Thomas Jefferson Papers

From Thomas Jefferson to William Ludlow, 6 September 1824

Monticello Sep. 6. 24.


The idea which you present in your letter of July 30. of the progress of society from it’s rudest state to that it has now attained seems conformable to what may be probably conjectured. indeed we have under our eyes tolerable proofs of it. let a philosophic observer commence a journey from the savages of the Rocky mountains, Eastwardly towards our seacoast. these he would observe in the earliest stage of association living under no law but that of nature, subsisting and covering themselves with the flesh and skins of wild beasts. he would next find those on our frontiers in the pastoral state, raising domestic animals to supply the defects of hunting. then succeed our own semibarbarous citizens, the pioneers of the advance of civilisation, and so in his progress he would meet the gradual shades of improving man until he would reach his, as yet, most improved state in our seaport towns this in fact is equivalent to a survey, in time of the progress of man from the infancy of nation to the present day.. I am 81. years of age, born where I now live, in the first range of mountains in interior of our country. and I have observed this march of civilisation advancing from the sea coast, passing over us like a cloud of light, increasing our knolege and improving our condition insomuch as that we are at this time more advanced in civilisation here than the seaports were when I was a boy. and where this progress will stop no one can say. barbarism has in the mean time been receding before the steady step of amelioration; and will in time I trust disappear from the earth. you seem to think that this advance has brought on too complicated a state of society, and that we should gain in happiness by treading back our steps a little way. I think my self that we have more machinery of government than is necessary, too many parasites living on the labor of the industrious. I believe it might be much simplified to the relief of those who maintain it. your experiment seems to have this in view. a society of 70. families, the number you name, may very possibly be governed as a single family, subsisting on their common industry, and holding all things in common. some regulators of the family you still must have, and it remains to be seen at what point of your increasing population your simple regulations will cease to be sufficient to preserve order, peace and justice. the experiment is interesting; I shall not live to see it’s issue. but I wish it success equal to your hopes and to yourself and society prosperity and happiness.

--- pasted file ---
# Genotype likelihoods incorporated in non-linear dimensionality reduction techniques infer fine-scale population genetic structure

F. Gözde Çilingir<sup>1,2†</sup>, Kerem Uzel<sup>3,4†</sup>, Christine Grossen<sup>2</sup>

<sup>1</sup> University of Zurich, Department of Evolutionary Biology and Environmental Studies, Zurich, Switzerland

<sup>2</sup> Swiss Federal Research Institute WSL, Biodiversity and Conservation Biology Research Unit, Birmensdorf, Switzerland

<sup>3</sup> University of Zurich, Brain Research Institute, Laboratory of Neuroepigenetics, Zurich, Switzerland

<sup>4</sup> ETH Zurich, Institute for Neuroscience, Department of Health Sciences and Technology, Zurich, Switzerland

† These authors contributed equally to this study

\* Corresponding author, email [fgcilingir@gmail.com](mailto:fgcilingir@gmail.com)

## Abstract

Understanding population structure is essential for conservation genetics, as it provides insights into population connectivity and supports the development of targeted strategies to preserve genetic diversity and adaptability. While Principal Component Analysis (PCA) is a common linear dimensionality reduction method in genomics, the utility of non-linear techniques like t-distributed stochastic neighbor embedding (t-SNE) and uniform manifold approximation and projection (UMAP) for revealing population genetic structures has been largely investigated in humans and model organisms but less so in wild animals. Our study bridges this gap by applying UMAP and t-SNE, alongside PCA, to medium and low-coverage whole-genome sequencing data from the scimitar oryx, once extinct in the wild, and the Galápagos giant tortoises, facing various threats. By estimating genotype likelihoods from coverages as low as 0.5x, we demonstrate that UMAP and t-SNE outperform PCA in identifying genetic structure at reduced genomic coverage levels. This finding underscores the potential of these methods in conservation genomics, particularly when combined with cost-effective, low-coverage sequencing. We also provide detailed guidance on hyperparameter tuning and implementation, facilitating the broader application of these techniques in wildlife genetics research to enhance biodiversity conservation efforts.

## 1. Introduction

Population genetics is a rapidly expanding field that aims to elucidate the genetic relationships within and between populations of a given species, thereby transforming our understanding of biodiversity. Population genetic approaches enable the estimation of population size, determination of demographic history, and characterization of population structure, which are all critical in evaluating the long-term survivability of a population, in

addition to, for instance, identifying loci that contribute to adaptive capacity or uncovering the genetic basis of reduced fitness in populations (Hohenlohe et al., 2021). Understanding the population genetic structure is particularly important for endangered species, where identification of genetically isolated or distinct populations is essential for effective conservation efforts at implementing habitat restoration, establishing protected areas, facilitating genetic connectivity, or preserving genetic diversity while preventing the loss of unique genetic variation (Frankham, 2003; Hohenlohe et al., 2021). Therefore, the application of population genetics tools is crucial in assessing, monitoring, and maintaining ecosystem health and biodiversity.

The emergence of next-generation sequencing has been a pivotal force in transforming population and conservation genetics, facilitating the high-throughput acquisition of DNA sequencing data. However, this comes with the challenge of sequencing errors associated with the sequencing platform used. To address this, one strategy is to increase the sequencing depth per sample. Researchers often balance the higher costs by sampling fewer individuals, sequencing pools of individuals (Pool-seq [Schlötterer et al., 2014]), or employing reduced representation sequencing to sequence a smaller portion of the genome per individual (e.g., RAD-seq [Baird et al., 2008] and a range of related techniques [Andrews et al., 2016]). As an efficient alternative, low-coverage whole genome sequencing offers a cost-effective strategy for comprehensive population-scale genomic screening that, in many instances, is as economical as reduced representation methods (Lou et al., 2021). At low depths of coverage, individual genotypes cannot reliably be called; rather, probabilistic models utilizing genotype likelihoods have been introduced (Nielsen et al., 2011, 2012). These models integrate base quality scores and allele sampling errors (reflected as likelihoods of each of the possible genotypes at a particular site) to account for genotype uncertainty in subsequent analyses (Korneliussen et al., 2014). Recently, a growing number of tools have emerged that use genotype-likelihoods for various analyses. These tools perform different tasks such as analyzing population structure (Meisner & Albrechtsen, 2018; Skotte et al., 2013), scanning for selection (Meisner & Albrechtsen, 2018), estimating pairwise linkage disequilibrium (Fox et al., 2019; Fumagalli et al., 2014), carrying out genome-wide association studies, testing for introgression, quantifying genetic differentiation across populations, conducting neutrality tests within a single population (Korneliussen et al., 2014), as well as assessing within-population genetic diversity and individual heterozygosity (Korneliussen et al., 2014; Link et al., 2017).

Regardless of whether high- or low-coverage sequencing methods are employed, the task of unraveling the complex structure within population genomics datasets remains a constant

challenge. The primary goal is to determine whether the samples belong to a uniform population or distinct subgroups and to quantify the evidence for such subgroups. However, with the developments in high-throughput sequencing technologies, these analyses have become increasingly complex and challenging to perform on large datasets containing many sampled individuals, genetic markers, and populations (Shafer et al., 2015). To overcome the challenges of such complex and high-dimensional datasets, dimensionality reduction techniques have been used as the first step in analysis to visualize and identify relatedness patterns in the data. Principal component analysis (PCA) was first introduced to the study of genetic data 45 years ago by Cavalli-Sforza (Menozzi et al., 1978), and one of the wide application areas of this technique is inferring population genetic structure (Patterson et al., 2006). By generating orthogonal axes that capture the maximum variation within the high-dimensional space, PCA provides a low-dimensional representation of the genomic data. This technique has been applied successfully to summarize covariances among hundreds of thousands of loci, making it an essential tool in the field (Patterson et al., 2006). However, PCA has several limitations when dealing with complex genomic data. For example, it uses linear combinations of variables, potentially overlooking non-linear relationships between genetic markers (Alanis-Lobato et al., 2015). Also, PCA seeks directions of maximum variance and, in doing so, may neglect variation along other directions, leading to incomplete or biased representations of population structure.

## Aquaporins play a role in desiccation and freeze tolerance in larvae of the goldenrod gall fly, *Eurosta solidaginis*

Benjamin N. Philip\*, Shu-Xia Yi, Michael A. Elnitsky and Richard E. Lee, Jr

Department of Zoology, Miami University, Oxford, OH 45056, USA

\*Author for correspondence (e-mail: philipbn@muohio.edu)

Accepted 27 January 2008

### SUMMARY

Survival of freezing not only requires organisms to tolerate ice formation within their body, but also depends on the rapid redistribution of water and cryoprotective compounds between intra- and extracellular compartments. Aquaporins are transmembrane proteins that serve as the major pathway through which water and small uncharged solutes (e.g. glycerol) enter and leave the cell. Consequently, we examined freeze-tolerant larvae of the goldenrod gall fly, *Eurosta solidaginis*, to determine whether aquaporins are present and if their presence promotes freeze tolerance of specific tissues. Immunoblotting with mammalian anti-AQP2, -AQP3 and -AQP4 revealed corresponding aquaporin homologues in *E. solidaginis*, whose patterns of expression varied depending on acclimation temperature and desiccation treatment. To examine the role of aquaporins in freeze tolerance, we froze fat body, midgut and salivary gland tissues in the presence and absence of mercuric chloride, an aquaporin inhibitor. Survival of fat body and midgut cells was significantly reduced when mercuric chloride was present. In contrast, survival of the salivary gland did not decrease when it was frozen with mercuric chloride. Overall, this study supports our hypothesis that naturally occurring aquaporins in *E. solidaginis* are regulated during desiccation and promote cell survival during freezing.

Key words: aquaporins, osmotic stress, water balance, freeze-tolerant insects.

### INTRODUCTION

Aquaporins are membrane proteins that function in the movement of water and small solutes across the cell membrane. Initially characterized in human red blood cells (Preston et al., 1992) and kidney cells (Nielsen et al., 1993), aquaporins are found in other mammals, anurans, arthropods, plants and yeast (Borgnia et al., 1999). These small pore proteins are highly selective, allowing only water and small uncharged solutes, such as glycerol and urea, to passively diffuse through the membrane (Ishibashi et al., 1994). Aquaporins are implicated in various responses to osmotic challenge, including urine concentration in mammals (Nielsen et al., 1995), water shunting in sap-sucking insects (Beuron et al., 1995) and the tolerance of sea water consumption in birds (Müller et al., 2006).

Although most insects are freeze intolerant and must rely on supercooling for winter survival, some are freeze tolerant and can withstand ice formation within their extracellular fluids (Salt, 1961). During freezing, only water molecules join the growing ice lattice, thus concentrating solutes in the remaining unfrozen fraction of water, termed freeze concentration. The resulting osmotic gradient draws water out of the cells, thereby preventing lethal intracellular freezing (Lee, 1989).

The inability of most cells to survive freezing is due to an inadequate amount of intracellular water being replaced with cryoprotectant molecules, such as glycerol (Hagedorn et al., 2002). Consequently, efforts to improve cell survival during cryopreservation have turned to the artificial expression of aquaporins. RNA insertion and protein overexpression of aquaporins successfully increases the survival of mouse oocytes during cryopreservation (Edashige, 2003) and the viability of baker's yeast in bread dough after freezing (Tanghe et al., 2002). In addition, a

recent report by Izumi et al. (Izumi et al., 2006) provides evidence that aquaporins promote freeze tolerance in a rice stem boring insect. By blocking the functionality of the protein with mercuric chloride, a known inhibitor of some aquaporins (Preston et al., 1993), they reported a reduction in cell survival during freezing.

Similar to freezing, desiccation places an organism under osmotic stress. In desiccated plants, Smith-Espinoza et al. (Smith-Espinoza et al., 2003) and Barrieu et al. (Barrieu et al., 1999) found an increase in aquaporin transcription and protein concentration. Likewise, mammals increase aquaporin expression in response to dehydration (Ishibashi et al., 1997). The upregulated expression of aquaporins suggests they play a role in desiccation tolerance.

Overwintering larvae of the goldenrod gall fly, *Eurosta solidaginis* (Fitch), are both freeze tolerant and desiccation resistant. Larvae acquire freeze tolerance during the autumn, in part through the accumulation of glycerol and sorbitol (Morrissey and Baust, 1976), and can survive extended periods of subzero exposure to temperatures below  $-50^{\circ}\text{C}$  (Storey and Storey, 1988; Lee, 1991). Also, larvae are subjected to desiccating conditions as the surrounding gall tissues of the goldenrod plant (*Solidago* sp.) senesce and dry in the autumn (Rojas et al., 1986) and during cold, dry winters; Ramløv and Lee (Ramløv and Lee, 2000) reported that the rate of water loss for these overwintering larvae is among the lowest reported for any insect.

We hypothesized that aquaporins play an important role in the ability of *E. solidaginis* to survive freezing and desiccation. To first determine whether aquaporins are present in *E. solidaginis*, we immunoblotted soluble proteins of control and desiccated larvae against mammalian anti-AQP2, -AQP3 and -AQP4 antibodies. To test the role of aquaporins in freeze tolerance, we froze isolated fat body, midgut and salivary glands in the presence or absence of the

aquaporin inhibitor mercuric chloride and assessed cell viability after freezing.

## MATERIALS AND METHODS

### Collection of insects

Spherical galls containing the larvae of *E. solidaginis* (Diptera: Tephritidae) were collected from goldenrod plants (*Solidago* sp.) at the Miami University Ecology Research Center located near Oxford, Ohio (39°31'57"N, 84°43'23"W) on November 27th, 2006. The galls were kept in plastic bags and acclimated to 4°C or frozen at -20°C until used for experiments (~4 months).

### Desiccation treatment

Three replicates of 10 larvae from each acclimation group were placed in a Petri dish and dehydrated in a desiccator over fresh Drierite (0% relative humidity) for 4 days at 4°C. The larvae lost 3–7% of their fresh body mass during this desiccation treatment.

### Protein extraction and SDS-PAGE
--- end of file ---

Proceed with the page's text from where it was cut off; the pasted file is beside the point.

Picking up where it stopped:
Th: J.

DLC: Papers of Thomas Jefferson.

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